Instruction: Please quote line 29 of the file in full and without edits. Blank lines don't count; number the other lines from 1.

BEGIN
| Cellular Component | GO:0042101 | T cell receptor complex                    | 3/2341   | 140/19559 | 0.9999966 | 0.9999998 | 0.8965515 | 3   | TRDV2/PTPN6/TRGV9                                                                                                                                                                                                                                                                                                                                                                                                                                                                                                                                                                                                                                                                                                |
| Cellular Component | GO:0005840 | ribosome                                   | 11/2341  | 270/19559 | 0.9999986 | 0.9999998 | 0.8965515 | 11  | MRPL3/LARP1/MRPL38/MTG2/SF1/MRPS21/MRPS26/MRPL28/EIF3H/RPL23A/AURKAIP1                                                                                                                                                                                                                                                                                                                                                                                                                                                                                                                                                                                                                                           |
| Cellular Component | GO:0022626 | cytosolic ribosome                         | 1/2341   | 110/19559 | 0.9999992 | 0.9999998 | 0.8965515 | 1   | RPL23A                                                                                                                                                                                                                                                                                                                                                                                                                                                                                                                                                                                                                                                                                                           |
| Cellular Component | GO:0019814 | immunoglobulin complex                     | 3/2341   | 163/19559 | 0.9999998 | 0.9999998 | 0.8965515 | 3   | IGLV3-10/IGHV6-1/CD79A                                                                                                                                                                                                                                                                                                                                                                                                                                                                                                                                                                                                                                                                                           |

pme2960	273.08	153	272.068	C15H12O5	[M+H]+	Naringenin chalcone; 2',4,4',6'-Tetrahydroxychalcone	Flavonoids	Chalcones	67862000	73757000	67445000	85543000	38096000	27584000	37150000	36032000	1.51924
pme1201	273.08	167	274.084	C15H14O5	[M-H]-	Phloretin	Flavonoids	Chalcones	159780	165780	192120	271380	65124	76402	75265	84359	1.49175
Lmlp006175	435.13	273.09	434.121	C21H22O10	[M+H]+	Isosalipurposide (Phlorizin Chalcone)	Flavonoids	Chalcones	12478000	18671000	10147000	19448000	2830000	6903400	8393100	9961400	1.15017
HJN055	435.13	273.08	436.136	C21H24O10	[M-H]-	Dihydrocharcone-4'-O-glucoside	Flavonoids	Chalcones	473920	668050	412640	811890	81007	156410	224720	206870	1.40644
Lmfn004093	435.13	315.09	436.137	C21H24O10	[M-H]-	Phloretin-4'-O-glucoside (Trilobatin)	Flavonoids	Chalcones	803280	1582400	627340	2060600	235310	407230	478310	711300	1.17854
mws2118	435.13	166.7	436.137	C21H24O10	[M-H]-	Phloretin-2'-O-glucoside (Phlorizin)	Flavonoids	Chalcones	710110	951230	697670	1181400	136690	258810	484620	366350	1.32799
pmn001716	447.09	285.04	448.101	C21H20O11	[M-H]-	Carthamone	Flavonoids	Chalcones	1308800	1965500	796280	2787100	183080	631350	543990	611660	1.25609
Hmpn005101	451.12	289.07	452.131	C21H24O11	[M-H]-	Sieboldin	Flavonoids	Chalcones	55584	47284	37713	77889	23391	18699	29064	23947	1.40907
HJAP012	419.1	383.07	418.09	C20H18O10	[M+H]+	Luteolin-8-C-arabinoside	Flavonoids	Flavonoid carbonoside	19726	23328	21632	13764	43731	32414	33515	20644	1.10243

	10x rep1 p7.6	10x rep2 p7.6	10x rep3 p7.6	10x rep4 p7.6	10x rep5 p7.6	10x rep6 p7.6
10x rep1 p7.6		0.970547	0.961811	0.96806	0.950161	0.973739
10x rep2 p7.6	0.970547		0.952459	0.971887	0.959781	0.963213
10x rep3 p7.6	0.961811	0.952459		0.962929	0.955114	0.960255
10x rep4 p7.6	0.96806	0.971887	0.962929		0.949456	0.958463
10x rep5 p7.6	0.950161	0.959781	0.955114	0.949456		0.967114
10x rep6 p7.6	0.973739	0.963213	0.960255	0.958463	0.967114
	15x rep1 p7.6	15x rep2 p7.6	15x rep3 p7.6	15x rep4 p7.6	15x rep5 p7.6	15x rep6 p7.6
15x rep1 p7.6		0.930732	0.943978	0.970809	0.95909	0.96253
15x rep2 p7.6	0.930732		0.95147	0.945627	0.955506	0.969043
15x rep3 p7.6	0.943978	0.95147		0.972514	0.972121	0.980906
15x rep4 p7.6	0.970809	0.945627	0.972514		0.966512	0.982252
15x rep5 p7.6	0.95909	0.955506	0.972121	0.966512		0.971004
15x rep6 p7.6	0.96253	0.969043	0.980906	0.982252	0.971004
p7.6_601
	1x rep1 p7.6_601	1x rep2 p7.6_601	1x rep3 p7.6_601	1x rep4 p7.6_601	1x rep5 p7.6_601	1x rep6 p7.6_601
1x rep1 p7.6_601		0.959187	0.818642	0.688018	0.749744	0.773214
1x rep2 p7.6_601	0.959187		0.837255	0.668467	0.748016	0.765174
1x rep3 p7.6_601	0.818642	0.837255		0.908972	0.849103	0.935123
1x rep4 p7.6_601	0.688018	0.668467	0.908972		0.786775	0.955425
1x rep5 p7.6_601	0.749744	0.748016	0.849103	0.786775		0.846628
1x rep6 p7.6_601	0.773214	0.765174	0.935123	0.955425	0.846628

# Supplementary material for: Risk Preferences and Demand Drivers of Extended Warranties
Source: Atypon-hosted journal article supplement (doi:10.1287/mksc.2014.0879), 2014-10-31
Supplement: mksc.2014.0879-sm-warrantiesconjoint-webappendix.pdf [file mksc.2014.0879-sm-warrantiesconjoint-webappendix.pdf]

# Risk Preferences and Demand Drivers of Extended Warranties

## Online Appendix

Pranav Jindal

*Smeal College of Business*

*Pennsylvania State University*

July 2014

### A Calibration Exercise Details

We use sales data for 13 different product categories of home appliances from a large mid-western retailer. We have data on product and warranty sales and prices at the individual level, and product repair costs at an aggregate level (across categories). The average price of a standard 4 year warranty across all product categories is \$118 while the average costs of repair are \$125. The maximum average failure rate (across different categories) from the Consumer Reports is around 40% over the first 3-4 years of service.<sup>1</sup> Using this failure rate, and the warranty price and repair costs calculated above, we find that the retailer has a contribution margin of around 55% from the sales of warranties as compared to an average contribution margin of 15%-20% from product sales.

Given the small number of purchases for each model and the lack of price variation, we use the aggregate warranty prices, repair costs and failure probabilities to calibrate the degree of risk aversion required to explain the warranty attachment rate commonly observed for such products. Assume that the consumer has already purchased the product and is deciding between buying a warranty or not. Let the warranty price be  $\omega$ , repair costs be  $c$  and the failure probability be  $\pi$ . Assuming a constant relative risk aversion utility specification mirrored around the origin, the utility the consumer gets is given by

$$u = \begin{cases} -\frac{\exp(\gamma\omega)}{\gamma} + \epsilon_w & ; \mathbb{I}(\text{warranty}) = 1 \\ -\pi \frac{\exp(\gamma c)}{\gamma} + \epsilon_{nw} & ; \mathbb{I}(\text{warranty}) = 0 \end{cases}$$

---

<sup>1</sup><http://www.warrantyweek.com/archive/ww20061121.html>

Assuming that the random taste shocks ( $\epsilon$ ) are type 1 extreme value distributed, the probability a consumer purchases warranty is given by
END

	1x rep1 p7.6_601	1x rep2 p7.6_601	1x rep3 p7.6_601	1x rep4 p7.6_601	1x rep5 p7.6_601	1x rep6 p7.6_601